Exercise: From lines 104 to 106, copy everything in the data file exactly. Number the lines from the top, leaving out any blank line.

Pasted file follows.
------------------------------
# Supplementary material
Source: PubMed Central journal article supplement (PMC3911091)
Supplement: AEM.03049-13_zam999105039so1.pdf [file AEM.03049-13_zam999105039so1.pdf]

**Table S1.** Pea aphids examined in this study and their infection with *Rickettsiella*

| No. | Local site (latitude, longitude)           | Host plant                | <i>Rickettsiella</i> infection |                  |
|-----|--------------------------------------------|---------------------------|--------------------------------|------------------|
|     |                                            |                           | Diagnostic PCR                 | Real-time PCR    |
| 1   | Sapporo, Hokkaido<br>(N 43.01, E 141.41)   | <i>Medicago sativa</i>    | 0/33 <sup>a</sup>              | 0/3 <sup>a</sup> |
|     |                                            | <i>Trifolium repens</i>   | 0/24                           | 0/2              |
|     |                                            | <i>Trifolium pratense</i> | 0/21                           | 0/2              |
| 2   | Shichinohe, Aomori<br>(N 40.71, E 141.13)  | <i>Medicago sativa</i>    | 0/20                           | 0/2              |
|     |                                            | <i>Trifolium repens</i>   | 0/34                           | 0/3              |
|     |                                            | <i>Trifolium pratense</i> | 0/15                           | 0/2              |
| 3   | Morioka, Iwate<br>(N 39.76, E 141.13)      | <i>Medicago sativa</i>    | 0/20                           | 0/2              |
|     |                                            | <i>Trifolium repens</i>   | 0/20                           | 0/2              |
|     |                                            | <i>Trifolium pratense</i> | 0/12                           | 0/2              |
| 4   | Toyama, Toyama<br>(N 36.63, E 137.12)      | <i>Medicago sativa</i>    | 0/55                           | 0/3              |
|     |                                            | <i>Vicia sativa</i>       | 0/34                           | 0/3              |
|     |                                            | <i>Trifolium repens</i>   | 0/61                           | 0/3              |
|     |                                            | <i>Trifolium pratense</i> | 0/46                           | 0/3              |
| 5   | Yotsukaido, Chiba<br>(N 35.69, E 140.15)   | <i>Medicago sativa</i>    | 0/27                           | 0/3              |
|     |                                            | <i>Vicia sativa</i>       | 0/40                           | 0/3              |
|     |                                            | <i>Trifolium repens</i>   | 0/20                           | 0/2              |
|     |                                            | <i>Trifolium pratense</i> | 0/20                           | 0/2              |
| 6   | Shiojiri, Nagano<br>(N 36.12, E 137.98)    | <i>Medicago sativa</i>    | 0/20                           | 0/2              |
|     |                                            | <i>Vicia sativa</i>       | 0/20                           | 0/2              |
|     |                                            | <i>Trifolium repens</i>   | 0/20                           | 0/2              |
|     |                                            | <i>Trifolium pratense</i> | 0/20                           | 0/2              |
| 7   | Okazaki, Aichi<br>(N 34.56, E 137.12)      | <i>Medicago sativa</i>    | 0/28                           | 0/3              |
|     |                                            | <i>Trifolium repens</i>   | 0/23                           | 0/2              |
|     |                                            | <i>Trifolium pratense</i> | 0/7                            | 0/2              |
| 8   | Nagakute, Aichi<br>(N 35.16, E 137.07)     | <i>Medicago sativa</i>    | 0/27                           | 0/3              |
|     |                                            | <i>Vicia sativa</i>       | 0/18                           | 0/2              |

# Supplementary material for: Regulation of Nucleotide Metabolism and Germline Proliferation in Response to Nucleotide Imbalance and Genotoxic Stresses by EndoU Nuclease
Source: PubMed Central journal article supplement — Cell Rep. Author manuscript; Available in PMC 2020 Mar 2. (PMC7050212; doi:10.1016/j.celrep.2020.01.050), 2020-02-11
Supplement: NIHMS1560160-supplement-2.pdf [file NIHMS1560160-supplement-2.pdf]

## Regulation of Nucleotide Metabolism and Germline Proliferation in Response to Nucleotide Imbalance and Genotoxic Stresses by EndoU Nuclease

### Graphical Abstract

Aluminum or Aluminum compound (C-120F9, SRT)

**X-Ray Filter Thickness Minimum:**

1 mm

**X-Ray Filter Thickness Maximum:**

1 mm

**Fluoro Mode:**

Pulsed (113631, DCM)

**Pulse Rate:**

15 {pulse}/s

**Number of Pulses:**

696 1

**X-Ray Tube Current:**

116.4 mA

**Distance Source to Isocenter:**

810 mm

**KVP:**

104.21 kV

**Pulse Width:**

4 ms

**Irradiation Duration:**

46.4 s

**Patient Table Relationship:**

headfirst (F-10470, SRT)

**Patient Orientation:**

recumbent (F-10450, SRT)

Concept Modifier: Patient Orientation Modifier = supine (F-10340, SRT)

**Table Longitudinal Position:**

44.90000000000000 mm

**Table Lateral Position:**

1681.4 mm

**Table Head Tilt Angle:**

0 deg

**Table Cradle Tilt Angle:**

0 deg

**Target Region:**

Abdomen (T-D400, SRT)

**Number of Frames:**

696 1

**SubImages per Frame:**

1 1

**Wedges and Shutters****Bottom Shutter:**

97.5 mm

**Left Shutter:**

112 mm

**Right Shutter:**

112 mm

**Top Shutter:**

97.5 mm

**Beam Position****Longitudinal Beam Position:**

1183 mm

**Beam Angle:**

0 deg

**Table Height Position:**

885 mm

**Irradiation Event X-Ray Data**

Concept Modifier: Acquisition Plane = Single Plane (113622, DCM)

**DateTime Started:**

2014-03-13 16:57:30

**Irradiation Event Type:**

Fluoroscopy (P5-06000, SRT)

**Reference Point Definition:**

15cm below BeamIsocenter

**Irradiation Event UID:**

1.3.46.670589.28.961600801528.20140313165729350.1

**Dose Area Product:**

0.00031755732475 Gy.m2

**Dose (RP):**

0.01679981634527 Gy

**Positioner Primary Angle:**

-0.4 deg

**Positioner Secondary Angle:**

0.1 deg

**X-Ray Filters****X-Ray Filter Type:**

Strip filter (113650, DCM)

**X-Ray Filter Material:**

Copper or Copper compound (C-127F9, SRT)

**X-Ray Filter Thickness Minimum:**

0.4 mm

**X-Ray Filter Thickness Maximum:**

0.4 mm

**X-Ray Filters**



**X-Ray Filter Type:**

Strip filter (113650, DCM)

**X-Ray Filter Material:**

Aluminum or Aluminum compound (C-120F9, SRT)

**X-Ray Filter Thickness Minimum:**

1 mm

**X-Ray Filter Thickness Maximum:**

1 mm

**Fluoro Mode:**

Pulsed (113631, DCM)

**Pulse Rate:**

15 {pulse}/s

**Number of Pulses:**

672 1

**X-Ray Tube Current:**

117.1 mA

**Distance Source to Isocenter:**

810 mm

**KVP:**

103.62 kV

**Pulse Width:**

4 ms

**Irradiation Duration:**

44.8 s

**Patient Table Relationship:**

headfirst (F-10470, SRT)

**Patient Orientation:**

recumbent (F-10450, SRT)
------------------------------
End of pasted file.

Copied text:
0.00031755732475 Gy.m2

**Dose (RP):**

0.01679981634527 Gy